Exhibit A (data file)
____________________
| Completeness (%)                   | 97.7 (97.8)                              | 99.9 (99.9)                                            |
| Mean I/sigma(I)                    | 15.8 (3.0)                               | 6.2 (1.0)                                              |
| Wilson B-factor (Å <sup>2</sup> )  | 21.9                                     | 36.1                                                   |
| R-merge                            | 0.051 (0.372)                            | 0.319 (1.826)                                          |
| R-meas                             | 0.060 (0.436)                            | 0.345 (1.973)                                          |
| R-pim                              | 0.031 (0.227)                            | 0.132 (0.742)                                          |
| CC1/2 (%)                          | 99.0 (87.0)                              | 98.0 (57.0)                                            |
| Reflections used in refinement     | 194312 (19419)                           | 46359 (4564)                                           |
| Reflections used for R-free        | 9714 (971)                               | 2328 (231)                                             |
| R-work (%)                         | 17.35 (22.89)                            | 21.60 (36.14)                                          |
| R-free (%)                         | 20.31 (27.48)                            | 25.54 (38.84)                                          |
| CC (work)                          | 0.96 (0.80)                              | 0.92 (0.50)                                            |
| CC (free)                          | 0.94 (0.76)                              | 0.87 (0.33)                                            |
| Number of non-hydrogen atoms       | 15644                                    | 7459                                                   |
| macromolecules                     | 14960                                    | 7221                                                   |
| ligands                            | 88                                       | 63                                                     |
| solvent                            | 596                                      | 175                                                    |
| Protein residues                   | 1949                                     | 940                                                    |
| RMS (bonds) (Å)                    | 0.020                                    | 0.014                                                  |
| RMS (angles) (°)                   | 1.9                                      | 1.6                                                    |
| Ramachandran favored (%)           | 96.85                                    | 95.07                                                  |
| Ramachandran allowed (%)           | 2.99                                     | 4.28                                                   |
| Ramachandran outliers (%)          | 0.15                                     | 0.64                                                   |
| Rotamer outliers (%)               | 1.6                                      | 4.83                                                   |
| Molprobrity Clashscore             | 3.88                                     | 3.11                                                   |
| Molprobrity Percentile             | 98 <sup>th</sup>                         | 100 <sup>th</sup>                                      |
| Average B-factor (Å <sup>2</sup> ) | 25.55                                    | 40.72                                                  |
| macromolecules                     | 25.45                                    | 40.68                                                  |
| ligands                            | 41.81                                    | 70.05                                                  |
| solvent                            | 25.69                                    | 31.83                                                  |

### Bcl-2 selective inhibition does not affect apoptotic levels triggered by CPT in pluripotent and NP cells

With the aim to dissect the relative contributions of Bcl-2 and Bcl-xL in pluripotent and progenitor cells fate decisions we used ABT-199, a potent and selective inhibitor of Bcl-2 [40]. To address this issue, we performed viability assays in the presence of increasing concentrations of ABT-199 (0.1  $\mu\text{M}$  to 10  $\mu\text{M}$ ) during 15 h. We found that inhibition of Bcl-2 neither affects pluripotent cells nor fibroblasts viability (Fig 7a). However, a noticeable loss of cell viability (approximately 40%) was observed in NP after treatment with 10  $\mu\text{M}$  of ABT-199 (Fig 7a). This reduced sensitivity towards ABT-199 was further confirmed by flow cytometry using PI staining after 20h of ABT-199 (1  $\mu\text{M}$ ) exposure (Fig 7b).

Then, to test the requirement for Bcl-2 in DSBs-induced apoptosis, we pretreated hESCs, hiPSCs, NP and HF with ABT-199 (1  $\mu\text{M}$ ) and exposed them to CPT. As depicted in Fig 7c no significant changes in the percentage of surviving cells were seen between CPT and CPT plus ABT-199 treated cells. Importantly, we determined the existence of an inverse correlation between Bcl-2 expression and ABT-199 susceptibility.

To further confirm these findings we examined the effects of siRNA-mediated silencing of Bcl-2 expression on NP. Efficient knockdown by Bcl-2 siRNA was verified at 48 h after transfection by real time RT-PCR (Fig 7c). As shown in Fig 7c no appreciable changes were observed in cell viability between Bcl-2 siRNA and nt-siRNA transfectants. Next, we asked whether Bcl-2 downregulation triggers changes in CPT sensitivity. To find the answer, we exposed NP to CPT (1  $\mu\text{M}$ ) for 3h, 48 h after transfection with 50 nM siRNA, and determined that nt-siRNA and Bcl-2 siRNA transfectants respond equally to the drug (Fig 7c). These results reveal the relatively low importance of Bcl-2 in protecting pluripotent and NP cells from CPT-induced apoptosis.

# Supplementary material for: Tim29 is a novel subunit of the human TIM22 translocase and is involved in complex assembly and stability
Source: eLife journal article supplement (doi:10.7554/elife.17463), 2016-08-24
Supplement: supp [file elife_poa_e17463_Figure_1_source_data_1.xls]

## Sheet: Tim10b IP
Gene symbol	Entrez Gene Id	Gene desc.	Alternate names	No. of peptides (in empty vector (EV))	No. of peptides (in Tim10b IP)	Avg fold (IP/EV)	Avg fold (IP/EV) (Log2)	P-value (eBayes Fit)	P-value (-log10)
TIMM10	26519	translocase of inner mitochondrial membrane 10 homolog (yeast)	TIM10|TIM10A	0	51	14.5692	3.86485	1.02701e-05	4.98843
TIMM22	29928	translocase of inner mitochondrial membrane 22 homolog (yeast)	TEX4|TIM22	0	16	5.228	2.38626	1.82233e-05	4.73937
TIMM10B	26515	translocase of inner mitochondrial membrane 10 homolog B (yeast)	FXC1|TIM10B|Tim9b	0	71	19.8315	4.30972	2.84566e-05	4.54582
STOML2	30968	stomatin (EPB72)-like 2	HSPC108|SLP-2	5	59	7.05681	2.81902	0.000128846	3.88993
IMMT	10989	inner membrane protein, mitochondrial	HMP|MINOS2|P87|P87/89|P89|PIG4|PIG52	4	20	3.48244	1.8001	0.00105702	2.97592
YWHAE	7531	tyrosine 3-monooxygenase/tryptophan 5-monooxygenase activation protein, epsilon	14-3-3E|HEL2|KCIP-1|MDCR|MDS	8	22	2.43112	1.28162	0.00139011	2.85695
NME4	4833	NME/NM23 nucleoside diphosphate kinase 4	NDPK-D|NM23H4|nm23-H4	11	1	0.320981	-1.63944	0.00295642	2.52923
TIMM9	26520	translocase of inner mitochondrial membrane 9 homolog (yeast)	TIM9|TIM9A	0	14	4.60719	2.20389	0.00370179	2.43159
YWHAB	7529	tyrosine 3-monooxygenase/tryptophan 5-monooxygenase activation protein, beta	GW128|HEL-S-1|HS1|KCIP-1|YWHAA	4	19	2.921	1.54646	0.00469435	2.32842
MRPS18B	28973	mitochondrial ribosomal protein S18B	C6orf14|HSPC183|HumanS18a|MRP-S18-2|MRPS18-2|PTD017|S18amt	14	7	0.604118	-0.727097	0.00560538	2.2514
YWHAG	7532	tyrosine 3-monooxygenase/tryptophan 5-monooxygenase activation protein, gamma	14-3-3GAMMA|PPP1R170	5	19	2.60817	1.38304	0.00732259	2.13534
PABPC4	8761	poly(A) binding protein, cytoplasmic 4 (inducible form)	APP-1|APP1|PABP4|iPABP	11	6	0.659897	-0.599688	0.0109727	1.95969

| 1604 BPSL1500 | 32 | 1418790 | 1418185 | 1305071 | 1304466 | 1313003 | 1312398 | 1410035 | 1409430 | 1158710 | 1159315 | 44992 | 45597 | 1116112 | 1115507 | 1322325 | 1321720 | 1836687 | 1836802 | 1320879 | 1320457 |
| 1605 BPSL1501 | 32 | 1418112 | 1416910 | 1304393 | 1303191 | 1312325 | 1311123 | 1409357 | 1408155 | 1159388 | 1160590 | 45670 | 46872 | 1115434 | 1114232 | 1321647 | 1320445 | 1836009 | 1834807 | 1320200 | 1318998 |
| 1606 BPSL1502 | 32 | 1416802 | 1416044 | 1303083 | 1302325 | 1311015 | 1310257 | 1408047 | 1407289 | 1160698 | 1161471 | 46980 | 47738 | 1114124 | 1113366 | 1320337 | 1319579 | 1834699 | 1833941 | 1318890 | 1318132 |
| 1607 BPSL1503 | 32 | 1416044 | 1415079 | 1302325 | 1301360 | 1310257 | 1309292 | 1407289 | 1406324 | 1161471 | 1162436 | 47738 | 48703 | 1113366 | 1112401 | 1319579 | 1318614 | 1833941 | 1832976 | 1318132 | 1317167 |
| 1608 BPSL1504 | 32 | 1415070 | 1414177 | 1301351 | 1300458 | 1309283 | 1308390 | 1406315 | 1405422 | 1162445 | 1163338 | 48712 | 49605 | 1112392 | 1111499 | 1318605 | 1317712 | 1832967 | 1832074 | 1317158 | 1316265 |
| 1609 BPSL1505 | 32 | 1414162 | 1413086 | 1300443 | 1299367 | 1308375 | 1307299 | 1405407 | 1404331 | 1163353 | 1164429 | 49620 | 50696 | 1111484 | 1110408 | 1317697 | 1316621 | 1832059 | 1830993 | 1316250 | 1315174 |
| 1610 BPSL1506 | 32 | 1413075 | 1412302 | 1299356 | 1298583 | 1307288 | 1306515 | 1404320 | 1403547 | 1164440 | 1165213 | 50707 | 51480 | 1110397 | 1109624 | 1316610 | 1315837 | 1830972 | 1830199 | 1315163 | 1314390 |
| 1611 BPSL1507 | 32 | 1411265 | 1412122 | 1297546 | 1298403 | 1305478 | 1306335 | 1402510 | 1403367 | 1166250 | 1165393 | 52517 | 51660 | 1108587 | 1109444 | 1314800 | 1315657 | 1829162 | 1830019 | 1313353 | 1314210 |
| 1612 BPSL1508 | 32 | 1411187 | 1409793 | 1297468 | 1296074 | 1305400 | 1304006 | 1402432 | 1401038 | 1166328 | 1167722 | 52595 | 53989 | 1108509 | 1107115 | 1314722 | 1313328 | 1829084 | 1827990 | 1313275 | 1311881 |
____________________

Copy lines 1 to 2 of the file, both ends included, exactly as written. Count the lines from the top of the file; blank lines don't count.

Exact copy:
| Completeness (%)                   | 97.7 (97.8)                              | 99.9 (99.9)                                            |
| Mean I/sigma(I)                    | 15.8 (3.0)                               | 6.2 (1.0)                                              |